With ten record-breaking albums and four re-recordings, Taylor Swift stands as a trailblazer in the 21st century music industry.

Her skilful song writing, and captivating lyricism has resonated with generations of self-proclaimed ‘swifties’. From the genre-defining pop hit, 1989, to the powerful storytelling of Folklore, and the purehearted country classics of her debut album Taylor Swift, there’s a favourite song for everyone.

In recent years, Taylor Swift has embarked on the exciting journey of re-recording her first six albums. With each release, across those 11 years of Taylor’s life, we find ourselves reliving these changes in snapshots of time alongside her.

Her career has spanned both our lifetimes. Growing up as children of the 2000s, her music supplied the soundtrack to our youth, guiding us through difficult emotions, relationships, while raising our self-awareness.

The 2008 song Fifteen encapsulates for us what it’s like being a teenage girl in a small town, with lyrics such as “say hi to your friends you haven’t seen in a while, try and stay out of everybody’s way” and “you’re 15, feelin’ like there’s nothing to figure out”.

On her next album, Speak Now, the song Never Grow Up beautifully captures the universal rite of passage inherent in the process of growing older. The lyrics express emotions like, “Oh darling, don’t you ever grow up … just stay this little … it could stay this simple”.

On her 2012 pop-country fusion album Red, her number one single 22 expresses the freedom and fun of being a young adult, in comedic yet relatable lyrics, such as “We’re happy, free, confused and lonely in the best way: it’s miserable and magical”.

Now, as we listen to Taylor’s re-recordings, it feels almost as though we’ve grown up beside her. Her lyrics resonate as closely as if they were taken straight from the pages of our diaries.

Taylor Swift uses her music to address prevalent issues like deep-rooted misogyny

Taylor Swift’s music is a potent emotional catalyst, and its impact goes beyond mere enjoyment. A recent report by The Children’s Society highlights the significant positive impact of listening to our favourite tunes on our mental health. Scientifically, it has been proven that engaging with music triggers the release of hormones, including serotonin and adrenaline. This not only boosts mood but also provides an increase in energy and motivation.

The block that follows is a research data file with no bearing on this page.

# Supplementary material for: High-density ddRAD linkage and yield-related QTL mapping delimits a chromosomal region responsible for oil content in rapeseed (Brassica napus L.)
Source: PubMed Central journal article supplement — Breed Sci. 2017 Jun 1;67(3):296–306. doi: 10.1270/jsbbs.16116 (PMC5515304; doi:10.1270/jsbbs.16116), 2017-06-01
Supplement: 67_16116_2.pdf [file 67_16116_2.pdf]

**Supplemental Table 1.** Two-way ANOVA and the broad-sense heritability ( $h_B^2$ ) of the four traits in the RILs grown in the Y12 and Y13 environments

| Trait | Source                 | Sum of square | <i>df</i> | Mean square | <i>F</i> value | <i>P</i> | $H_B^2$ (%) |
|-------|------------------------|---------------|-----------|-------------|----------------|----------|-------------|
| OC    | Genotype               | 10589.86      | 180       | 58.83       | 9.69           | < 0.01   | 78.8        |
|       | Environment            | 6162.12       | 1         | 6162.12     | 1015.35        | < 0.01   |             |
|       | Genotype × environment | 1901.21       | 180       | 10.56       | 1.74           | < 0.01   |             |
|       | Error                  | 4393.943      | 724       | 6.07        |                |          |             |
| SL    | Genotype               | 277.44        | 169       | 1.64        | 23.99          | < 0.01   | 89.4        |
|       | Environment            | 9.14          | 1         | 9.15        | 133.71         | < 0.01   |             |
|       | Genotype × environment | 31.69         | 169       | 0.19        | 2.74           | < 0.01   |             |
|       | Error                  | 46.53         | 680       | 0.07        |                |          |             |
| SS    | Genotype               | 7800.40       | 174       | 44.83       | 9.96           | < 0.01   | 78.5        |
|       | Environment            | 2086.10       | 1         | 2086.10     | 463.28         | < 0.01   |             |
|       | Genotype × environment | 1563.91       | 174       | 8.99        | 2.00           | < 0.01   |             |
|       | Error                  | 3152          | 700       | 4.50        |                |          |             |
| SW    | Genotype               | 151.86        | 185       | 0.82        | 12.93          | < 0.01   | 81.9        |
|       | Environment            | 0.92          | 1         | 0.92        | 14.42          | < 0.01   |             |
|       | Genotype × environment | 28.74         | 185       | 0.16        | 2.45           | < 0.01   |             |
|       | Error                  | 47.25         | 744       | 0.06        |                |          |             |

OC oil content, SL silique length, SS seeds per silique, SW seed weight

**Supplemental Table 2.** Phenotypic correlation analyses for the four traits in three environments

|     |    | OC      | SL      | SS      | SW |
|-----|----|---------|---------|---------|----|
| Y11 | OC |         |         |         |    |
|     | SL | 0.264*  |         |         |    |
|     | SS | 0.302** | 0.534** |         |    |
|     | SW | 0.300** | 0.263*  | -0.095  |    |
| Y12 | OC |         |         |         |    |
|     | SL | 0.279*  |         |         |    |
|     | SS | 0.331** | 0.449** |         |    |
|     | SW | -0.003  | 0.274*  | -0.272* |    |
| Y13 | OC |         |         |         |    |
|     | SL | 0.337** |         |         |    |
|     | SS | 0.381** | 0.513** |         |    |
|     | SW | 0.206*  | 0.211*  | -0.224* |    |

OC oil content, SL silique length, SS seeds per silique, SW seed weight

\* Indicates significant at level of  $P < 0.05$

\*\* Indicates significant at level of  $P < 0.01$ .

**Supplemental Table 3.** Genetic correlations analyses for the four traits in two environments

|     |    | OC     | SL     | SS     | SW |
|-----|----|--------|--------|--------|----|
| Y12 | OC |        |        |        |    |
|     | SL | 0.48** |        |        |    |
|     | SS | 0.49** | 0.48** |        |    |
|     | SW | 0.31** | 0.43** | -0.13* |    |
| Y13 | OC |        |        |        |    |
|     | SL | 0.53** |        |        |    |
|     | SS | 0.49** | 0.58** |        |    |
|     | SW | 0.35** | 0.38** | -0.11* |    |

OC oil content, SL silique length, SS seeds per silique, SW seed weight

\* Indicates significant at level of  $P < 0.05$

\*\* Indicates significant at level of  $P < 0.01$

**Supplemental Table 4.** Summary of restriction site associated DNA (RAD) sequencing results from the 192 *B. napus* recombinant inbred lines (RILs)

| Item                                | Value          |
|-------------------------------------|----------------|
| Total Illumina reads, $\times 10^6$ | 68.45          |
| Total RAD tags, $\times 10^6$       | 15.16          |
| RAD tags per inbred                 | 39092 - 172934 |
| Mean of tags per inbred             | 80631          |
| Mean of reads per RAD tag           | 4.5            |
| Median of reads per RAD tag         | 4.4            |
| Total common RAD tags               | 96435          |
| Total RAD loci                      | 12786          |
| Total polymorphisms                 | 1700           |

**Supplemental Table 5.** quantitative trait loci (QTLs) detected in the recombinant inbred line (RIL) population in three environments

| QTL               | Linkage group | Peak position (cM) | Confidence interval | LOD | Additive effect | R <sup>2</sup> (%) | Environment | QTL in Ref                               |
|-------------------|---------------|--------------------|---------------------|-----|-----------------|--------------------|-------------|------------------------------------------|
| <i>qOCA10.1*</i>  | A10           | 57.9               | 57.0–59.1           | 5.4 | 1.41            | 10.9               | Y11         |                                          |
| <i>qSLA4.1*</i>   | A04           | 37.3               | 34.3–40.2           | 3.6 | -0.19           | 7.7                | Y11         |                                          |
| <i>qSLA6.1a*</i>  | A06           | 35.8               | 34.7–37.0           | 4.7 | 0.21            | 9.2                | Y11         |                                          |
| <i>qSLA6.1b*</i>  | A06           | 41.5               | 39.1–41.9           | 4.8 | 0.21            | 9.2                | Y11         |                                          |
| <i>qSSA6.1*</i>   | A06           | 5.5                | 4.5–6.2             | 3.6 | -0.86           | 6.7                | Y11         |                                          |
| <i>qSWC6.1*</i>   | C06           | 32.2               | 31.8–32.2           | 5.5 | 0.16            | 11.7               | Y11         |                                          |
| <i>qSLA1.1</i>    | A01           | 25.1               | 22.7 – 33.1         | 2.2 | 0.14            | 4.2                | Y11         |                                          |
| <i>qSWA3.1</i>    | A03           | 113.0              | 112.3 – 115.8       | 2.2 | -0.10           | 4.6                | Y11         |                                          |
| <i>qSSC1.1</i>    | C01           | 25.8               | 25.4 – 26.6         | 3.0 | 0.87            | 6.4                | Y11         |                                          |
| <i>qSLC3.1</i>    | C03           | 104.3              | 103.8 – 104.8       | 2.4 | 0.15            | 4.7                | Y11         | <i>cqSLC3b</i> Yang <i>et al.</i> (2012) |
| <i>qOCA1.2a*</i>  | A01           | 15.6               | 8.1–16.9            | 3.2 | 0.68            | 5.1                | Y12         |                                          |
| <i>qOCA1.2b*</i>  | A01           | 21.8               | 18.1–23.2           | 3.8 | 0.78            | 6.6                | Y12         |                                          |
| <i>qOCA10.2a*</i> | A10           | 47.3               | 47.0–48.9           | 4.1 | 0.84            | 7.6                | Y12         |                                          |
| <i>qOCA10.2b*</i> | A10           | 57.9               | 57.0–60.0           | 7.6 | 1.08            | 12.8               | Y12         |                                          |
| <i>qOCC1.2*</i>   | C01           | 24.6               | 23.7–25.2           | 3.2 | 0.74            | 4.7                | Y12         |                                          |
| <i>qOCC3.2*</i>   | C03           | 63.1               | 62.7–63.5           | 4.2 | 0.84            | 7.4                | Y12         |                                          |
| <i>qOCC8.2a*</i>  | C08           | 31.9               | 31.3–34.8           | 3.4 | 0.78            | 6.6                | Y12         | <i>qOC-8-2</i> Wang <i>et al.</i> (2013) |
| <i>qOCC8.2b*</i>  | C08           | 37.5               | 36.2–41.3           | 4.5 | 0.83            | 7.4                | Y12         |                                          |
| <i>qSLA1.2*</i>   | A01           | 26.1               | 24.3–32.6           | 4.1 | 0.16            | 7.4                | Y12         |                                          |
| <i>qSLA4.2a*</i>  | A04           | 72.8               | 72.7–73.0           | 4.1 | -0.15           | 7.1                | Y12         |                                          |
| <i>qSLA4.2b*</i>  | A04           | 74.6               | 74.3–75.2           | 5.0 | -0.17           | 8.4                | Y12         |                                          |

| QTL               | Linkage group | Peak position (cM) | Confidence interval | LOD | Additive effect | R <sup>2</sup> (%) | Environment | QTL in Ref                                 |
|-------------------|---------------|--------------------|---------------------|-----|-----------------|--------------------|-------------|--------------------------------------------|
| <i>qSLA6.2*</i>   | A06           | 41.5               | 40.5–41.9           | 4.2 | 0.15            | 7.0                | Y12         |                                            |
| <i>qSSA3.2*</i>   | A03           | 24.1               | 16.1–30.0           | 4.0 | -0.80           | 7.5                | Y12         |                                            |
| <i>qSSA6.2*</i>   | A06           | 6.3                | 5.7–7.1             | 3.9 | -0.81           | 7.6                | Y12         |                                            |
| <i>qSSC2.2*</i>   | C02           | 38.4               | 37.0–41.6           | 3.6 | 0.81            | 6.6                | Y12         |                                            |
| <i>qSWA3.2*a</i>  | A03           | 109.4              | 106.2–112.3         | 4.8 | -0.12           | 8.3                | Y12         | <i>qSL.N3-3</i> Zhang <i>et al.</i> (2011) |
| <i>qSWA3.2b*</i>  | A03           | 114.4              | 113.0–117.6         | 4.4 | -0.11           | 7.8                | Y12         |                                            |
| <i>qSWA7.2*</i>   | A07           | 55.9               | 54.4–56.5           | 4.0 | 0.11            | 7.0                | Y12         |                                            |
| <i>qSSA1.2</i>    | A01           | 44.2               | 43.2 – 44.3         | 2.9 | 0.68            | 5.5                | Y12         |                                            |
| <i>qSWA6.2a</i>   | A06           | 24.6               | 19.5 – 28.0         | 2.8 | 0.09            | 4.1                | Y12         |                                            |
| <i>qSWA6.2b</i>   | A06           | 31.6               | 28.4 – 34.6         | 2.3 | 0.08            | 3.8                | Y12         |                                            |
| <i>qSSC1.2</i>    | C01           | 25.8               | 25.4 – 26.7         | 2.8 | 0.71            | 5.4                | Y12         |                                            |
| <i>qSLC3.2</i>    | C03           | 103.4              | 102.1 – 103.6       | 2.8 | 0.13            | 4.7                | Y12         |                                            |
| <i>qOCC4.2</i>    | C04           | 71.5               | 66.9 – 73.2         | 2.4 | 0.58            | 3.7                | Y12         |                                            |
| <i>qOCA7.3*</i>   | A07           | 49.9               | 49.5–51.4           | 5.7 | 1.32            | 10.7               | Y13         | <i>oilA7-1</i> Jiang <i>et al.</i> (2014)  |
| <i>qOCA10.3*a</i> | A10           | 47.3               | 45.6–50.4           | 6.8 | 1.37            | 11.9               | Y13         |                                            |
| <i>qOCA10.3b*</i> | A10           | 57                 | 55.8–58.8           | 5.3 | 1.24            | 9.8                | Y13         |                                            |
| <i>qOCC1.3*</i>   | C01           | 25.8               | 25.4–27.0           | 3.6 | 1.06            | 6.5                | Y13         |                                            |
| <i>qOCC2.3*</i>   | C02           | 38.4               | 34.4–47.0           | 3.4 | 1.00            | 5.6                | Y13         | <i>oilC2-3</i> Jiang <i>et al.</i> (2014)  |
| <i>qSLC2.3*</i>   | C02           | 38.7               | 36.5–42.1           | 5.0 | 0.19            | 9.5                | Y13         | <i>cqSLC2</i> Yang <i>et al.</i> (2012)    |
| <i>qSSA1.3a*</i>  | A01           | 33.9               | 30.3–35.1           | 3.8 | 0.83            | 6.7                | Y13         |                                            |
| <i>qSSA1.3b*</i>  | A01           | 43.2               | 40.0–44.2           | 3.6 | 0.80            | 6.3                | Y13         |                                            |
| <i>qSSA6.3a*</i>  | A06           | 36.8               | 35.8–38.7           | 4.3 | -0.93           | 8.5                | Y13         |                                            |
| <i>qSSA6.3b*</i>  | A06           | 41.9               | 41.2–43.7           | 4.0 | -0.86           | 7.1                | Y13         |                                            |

Taylor also uses her music platform to address prevalent issues like deep-rooted misogyny in our society with clarity and accessibility.

Her song, The Man universally strikes a chord with women, capturing the frustration of societal double standards. It resonates with young girls who are sick of hearing the phrase from their teachers, “I need a strong boy to help me move these chairs”, through to successful businesswomen, consistently underestimated simply because they aren’t men.

Some of her more introspective songs, such as This Is Me Trying and You’re On Your Own, Kid, have helped us adapt through changing periods in our lives, including moving to a different college, and adjusting to the change from GCSE to A-Level. With over 108 million Spotify monthly listeners, we are clearly not alone in these beliefs.

In 2023, Taylor Swift’s music achieved over 26.1 billion streams globally, significantly impacting our lives. We’re so grateful having strong positive female role model who writes relatable and comforting songs.

The power of change — by Sophia Gloerfeld, 16

Life is full of changes, there’s no escaping that fact. You might wish things could stay the same, hope desperately, but guess what, change will sooner or later catch up with you.

This is most obviously demonstrated in the natural world. In our human bodies, every seven years, our cells undergo complete regeneration. Consequently, we become an entirely different person to who we were seven years previously. This process is gradual but persistent, bringing about changes in every aspect of our being; biological, physical, mental and emotional.

Just like our cells go through renewal, change is this unshakeable presence in our lives. It is of course a bit uncomfortable, but essential for personal growth and understanding. But the dilemma is, if change is this huge constant in our lives that everything follows, why do so many of us fear it and go to great lengths to avoid it?

In my opinion, this fear stems from a reluctance to accept change, being uncertain about what might happen, and often feeling a loss of control. The desire to keep everything the same arises from a need for stability and the comfort of what’s familiar. We often gravitate towards habits and routines, steering clear of the difficulties that change can bring.

Change shapes our everyday and rather than avoiding it, we must embrace it!